Blaise Baquiche explains his unusual route to regaining EU citizenship, through a ‘law of return’ in reparation for the horrors of the Inquisition.
Two years, one thousand pounds, zero lawyers and I’m officially Portuguese. As a Remainer, previously jealous of my counterparts in the 27 remaining countries in the European Union, I couldn’t be happier.
In 2013, Spain and Portugal passed laws whereby Sephardic Jews could now claim citizenship. It was an attempt, in the words of the Spanish Government, to correct the “historical mistake and injustice” of the Spanish Inquisition of 1478 to 1834. In 2015, they updated the law to decree that anybody with any Sephardic Jewish heritage, including non-Jews, could claim as well.
Although no Monty Python sketches were written about the Portuguese, in 1515 they kicked off their own Inquisition to rival that of Spain. Portugal’s King, Manuel I, sought the hand in marriage of Spain’s Maria of Aragon and in proving his love for her in the only way she’d understand, set about persecuting religious minorities.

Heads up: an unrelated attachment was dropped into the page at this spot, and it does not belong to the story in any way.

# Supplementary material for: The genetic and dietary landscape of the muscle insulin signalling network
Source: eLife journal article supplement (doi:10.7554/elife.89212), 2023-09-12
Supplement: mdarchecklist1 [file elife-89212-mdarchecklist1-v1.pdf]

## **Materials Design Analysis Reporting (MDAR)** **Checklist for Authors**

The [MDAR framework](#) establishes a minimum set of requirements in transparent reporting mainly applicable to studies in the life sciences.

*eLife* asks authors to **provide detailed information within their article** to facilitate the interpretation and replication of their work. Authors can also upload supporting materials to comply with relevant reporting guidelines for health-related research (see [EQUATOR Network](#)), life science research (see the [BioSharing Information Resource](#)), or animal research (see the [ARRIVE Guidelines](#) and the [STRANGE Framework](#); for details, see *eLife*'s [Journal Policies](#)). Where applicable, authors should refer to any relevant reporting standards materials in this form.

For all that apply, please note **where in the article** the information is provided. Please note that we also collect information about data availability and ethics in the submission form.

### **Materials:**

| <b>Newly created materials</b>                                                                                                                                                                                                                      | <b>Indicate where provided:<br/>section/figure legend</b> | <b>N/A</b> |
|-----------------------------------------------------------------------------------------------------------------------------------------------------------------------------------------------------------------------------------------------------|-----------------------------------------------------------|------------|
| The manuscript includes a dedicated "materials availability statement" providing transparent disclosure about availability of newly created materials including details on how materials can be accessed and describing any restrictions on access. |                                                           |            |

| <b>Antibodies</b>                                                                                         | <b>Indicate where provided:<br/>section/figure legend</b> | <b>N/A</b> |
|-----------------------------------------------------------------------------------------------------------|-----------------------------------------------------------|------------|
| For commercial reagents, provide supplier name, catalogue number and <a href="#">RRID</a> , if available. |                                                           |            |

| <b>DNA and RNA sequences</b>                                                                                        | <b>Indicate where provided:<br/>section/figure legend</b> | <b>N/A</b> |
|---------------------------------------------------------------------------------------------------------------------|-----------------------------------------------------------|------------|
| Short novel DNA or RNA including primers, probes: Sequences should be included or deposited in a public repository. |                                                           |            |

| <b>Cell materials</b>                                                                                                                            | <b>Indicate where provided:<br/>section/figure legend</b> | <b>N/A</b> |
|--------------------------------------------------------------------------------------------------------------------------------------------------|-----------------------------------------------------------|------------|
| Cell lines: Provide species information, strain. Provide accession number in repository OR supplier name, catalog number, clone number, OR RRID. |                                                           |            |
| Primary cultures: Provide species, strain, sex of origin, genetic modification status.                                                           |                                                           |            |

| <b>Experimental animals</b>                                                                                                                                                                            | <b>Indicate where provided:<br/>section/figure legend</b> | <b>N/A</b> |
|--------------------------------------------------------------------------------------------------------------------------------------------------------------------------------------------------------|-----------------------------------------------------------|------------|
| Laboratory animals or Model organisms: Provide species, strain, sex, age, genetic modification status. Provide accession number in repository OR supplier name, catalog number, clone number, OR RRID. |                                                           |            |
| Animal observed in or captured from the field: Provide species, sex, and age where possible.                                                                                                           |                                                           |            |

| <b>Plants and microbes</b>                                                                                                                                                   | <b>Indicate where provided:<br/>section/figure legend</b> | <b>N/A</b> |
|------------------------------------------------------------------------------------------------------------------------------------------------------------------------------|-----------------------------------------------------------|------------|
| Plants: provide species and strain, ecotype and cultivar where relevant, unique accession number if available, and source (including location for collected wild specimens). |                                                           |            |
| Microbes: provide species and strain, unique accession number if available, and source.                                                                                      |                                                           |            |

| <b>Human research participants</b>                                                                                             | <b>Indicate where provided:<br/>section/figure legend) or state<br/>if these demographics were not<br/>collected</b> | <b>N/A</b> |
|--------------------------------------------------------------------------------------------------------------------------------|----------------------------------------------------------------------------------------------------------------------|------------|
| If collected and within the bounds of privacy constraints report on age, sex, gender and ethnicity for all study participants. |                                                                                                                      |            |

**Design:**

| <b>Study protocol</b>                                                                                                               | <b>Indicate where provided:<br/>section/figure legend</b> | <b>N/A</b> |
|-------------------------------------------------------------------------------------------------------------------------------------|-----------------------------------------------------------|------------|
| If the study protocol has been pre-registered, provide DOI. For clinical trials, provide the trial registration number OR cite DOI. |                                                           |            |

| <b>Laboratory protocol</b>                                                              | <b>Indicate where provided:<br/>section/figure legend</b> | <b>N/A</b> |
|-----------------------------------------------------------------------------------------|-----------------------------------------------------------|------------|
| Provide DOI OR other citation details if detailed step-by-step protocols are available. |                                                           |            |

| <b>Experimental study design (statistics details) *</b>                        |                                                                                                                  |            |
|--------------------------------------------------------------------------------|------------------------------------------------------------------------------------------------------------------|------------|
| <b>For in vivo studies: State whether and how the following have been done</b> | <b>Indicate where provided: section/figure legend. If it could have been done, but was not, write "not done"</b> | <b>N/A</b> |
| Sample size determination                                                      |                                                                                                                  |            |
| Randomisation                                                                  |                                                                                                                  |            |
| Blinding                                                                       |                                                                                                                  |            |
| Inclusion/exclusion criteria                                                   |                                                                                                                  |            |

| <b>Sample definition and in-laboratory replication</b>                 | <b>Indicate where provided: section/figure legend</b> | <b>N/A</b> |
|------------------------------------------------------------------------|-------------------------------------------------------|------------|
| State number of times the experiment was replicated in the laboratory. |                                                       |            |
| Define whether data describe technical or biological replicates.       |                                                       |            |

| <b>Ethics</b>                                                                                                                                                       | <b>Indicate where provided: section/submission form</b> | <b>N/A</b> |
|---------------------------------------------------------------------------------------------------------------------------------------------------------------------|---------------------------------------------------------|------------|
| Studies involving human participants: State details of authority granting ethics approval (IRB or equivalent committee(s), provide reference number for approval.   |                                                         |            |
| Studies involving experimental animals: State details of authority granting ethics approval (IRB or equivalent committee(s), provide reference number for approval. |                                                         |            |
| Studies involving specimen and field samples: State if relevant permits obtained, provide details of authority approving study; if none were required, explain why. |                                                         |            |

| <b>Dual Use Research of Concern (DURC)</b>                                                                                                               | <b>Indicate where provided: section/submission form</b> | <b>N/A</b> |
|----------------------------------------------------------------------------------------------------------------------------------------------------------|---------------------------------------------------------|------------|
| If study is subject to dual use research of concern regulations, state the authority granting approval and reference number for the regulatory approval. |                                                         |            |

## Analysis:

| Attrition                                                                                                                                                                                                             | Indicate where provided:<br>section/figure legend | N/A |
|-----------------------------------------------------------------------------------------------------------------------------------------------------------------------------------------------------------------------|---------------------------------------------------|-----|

In choosing which of the two to apply for citizenship, Portugal offered a much easier route. Spain had introduced two additional hurdles to the process, including a language requirement and proof that the applicant has taken steps to integrate into Spanish society. This combined with rumours that the Spanish gesture was merely symbolic as applicants were faced with a ‘bureaucratic nightmare’, made Portugal the easy choice.
All I had do was prove that I was the descendent of someone who kept up with Sephardic customs. I managed this using the Ketuba (כְּתוּבָּה) of my grandparents, a marriage certificate that was adorned in the traditional Sephardic style used by the Jewish community in Cairo in the 1940s. Once attested by the Jewish Community in Porto with a certificate, it was up to the Portuguese civil service to decide my fate. Two years, one civil service strike and a national election later, I was finally given the all clear.